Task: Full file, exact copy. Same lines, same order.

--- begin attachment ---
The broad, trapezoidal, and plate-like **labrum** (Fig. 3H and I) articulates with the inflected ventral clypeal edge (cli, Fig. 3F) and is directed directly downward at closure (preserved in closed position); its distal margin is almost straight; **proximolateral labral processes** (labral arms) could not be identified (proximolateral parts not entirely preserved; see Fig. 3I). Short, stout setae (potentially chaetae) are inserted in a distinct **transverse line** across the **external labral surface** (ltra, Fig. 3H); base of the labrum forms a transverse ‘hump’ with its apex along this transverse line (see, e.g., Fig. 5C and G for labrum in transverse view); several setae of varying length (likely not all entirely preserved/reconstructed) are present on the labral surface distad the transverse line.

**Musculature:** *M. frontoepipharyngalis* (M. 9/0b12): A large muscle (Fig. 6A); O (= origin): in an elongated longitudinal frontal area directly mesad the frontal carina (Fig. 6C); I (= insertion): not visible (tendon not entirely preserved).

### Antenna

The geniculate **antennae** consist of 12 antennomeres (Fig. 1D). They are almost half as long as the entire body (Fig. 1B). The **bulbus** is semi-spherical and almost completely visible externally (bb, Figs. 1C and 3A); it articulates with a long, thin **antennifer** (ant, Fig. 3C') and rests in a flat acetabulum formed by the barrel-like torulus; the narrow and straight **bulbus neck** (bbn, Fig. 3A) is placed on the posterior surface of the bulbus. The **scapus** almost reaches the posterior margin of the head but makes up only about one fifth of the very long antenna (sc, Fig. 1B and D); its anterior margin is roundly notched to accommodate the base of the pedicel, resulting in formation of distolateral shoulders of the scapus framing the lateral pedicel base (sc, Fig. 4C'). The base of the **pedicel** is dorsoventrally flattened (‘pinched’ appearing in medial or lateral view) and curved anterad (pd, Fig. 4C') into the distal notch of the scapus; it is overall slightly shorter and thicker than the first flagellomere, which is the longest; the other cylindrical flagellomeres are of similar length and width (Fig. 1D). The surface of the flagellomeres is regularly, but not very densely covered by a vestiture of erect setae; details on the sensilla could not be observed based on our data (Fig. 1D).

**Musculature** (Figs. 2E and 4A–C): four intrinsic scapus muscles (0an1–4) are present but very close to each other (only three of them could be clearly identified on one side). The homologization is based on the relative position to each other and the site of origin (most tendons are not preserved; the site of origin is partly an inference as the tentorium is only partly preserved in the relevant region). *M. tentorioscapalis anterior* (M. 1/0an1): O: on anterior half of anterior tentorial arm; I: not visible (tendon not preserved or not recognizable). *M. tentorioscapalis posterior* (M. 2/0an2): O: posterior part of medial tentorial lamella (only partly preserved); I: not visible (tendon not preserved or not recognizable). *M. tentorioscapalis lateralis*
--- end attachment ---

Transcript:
The broad, trapezoidal, and plate-like **labrum** (Fig. 3H and I) articulates with the inflected ventral clypeal edge (cli, Fig. 3F) and is directed directly downward at closure (preserved in closed position); its distal margin is almost straight; **proximolateral labral processes** (labral arms) could not be identified (proximolateral parts not entirely preserved; see Fig. 3I). Short, stout setae (potentially chaetae) are inserted in a distinct **transverse line** across the **external labral surface** (ltra, Fig. 3H); base of the labrum forms a transverse ‘hump’ with its apex along this transverse line (see, e.g., Fig. 5C and G for labrum in transverse view); several setae of varying length (likely not all entirely preserved/reconstructed) are present on the labral surface distad the transverse line.

**Musculature:** *M. frontoepipharyngalis* (M. 9/0b12): A large muscle (Fig. 6A); O (= origin): in an elongated longitudinal frontal area directly mesad the frontal carina (Fig. 6C); I (= insertion): not visible (tendon not entirely preserved).

### Antenna

The geniculate **antennae** consist of 12 antennomeres (Fig. 1D). They are almost half as long as the entire body (Fig. 1B). The **bulbus** is semi-spherical and almost completely visible externally (bb, Figs. 1C and 3A); it articulates with a long, thin **antennifer** (ant, Fig. 3C') and rests in a flat acetabulum formed by the barrel-like torulus; the narrow and straight **bulbus neck** (bbn, Fig. 3A) is placed on the posterior surface of the bulbus. The **scapus** almost reaches the posterior margin of the head but makes up only about one fifth of the very long antenna (sc, Fig. 1B and D); its anterior margin is roundly notched to accommodate the base of the pedicel, resulting in formation of distolateral shoulders of the scapus framing the lateral pedicel base (sc, Fig. 4C'). The base of the **pedicel** is dorsoventrally flattened (‘pinched’ appearing in medial or lateral view) and curved anterad (pd, Fig. 4C') into the distal notch of the scapus; it is overall slightly shorter and thicker than the first flagellomere, which is the longest; the other cylindrical flagellomeres are of similar length and width (Fig. 1D). The surface of the flagellomeres is regularly, but not very densely covered by a vestiture of erect setae; details on the sensilla could not be observed based on our data (Fig. 1D).

**Musculature** (Figs. 2E and 4A–C): four intrinsic scapus muscles (0an1–4) are present but very close to each other (only three of them could be clearly identified on one side). The homologization is based on the relative position to each other and the site of origin (most tendons are not preserved; the site of origin is partly an inference as the tentorium is only partly preserved in the relevant region). *M. tentorioscapalis anterior* (M. 1/0an1): O: on anterior half of anterior tentorial arm; I: not visible (tendon not preserved or not recognizable). *M. tentorioscapalis posterior* (M. 2/0an2): O: posterior part of medial tentorial lamella (only partly preserved); I: not visible (tendon not preserved or not recognizable). *M. tentorioscapalis lateralis*